MSA pushes for U to investigate Coca-Cola’s business practices

JP Leider

For many students at the University of Minnesota and other universities around the world, it’s a Coke thing.

With allegations it has violated of human and environmental rights abroad, Atlanta-based Coca-Cola Co. has had to deal with lawsuits, governments and, most recently, students.

The Minnesota Student Association’s call for an investigation into Coca-Cola’s business practices abroad is the latest in a series of such requests from universities and colleges, domestically and abroad.

New York University and the University of Michigan halted sales of Coke products on their campuses.

In the case of the University of Michigan, Coca-Cola did not reach an agreement for another third-party assessment into Coca-Cola’s allegations of complicity in violence against and intimidation of union members in Colombia, said Pablo Largacha, director of public affairs and communications for Coca-Cola.

“We have reached an impasse on the (practicality) for an additional assessment for operations in Colombia,” he said.

Any additional assessment could interfere with a pending lawsuit filed against Coca-Cola in Miami, he said.

India

While other universities have pushed first for investigations into Colombia operations, all eyes, at least at the University, are on Coca-Cola operations in India.

During its last meeting, Minnesota Student Association approved a resolution urging University administration to inquire into Coca-Cola’s business practices in India.

Amit Srivastava, director of the India Resource Center, said Coca-Cola’s practices in India are something students should consider before they drink.

Universities, Srivastava said, “have no business doing business with a company that engages in unethical practices around the world.”

The India Resource Center works with communities in India being “impacted” by Coca-Cola’s practices, he said.

Coca-Cola’s practices are unethical, Srivastava said, because they have caused water scarcity in areas in India, polluted water and soil, distributed hazardous bio-solids to farmers for use as fertilizer, and that Coca-Cola product quality in India would not meet standards of the United States or the European Union.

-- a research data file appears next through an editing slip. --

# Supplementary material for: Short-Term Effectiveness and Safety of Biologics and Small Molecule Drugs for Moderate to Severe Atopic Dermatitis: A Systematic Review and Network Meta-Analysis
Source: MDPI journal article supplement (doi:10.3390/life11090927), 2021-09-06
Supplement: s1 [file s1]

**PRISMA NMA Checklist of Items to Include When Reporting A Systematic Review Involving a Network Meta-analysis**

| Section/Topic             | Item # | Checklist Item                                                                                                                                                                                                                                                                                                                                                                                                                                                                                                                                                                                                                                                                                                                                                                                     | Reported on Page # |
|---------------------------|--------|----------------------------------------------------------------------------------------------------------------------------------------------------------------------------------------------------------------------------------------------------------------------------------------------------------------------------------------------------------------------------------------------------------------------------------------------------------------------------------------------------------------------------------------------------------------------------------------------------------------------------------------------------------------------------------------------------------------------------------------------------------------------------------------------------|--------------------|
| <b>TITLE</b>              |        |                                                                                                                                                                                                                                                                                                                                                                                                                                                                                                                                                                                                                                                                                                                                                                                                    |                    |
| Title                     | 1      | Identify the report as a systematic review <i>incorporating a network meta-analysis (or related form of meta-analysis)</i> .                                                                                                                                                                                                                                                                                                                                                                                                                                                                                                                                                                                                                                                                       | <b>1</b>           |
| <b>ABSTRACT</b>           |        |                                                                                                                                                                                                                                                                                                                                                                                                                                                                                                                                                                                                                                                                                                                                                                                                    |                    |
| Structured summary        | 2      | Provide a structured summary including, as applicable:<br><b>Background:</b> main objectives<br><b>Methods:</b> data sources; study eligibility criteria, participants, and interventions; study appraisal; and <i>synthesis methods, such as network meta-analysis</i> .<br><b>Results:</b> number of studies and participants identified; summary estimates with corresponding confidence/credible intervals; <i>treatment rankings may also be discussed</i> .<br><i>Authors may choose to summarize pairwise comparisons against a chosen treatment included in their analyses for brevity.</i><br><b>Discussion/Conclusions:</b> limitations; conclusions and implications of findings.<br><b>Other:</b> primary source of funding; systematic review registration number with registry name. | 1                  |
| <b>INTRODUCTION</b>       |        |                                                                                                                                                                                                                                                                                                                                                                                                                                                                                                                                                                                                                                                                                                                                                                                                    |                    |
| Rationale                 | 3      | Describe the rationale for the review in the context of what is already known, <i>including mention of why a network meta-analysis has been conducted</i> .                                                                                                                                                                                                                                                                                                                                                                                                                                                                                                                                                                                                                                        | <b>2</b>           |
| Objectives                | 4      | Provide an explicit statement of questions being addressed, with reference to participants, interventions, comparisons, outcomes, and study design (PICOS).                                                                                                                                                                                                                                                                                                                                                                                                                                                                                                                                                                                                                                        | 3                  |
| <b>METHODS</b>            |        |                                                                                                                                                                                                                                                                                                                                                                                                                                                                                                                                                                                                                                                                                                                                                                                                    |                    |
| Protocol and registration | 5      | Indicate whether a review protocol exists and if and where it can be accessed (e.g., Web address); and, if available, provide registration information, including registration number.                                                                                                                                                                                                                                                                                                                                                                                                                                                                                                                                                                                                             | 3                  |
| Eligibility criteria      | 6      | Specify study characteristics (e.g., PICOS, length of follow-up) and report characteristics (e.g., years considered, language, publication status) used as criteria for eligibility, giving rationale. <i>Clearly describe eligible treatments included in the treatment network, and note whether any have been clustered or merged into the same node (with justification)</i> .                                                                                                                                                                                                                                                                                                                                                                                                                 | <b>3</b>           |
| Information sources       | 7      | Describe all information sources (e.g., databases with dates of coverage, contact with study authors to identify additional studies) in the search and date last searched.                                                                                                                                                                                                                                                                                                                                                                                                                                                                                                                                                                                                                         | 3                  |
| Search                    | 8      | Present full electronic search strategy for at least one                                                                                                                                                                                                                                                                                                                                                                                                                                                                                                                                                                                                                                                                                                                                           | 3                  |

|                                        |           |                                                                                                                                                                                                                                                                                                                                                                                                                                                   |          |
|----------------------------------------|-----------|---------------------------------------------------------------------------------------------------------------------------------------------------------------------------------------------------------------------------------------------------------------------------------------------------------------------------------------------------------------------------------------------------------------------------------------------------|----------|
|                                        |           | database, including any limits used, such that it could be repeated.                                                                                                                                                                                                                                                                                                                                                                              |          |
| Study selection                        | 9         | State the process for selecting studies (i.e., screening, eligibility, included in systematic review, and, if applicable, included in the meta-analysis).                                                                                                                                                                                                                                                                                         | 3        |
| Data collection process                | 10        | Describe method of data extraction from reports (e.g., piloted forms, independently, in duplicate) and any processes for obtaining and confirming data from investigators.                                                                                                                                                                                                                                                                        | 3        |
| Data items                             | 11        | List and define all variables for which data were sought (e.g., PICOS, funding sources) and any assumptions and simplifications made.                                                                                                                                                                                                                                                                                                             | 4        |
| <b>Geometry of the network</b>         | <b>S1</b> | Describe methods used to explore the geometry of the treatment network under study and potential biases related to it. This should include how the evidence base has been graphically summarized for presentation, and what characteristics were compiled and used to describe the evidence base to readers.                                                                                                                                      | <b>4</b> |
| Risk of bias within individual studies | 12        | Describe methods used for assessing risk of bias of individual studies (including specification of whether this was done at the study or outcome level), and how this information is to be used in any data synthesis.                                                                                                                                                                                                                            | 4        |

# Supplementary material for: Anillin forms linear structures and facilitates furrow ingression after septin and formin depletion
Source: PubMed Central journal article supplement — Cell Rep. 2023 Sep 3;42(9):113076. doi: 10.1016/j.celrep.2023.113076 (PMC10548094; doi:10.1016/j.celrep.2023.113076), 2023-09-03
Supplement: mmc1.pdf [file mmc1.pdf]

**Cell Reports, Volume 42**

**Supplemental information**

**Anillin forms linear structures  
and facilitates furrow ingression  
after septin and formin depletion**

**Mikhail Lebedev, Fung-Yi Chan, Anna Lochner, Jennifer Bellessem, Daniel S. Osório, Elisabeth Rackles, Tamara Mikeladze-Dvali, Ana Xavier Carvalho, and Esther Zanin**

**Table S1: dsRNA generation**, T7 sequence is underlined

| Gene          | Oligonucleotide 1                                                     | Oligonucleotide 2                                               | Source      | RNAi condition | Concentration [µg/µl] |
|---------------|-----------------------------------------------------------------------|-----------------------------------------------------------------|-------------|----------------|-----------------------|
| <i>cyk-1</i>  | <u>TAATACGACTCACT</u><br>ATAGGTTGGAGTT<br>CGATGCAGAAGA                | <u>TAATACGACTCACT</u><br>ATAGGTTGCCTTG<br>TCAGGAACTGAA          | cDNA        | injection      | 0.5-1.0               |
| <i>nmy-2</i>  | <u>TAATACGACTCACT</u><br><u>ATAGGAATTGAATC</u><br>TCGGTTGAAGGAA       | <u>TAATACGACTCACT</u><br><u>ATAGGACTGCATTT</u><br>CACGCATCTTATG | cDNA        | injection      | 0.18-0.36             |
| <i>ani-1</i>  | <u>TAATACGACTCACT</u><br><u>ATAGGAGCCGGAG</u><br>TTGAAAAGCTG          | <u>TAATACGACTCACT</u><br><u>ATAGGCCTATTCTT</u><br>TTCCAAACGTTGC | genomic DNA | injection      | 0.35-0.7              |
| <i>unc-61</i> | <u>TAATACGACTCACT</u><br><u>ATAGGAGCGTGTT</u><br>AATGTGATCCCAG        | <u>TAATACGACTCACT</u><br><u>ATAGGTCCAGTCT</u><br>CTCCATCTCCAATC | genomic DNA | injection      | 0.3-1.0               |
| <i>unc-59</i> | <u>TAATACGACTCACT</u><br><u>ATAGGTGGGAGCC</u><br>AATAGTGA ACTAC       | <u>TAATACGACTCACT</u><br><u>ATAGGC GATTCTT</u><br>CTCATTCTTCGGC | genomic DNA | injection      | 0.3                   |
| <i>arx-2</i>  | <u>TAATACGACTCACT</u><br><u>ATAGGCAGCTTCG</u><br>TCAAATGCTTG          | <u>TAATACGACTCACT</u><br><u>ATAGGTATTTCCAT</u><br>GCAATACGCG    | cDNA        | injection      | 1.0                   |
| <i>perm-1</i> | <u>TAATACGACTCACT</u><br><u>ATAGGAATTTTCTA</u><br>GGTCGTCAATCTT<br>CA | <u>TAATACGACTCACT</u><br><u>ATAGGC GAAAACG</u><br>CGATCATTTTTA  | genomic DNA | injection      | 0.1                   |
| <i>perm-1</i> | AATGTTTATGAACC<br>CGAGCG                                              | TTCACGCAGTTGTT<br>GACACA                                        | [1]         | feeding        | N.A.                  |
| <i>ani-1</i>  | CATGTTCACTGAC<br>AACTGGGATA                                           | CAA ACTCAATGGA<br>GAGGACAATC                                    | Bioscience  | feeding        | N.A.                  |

In 2003, the BBC reported that Coca-Cola distributed hazardous materials from its factory in Kerala, India, to farmers. Coca-Cola India’s Web site disputed the hazardous nature of the product, which the company later recovered.

The Web site also said Coca-Cola product quality meets the “highest international standards.”

Largacha said Coca-Cola is sharing facts with interested parties and is making sure people know “there is one set of environmental and one set of ethical standards for (Coca-Cola’s) global business.”

At the University

Since MSA’s resolution passed in December, members have been working to create a public forum where the issue can be discussed.

“We feel that holding a public forum to talk about these issues is one way of investigating valid concerns,” said MSA Vice President Colin Schwensohn.

He said the University should not do business with unethical corporations.

“We don’t want to do business with companies that have a proven, demonstrable record of rights violations,” he said. “I don’t think as a public university and a democratic place we should be doing business like that.”

In the case of Coca-Cola, he said that if some violation did exist, the University could put pressure on the corporation.

However, there are companies doing business with the University that have questionable ethics, he said.

“For the sake of consistency, there needs to be something set up at the University to ensure that the companies we do business with do have ethical business practices,” he said.

However, Schwensohn said, he doesn’t want to draw conclusions until after the public forum, which could be in March.

Jerry Rinehart, associate vice provost for Student Affairs, said the president’s office has reviewed the resolution and is preparing a response to it.

“In particular, we are taking seriously the request to look into the questions that have been raised about Coca-Cola,” he said.

Rinehart said he was pleased to see the student association “take the lead” in helping bring these issues to campus and offering a forum where the issue can be debated.

He said that if the allegations were proved, it likely would be a factor in the University’s renegotiation of its contract with Coca-Cola, but that conclusions shouldn’t be drawn too quickly.

Other avenues

In addition to MSA’s call for an investigation into Coca-Cola’s practices abroad, the issue is also being tackled in University Senate, where Student Sen. Kris Houlton is pushing for establishing a vendor code of conduct.

The prospective code of conduct would set guidelines that corporations would likely adhere to in order to vend at the University.

“Right now there’s no mechanism in place for addressing any kind of ethical violation by a corporation.”

The University does have a code of conduct for manufacturers of University-licensed apparel, which Houlton intends to build on.

The University, she said, is a good place to hold corporations accountable.

“There are all these students that are 18 to 22 who are building their lifelong allegiances to certain products ” and that’s a big deal for these corporations,” she said. “We have this great opportunity to impact what they do ethically.”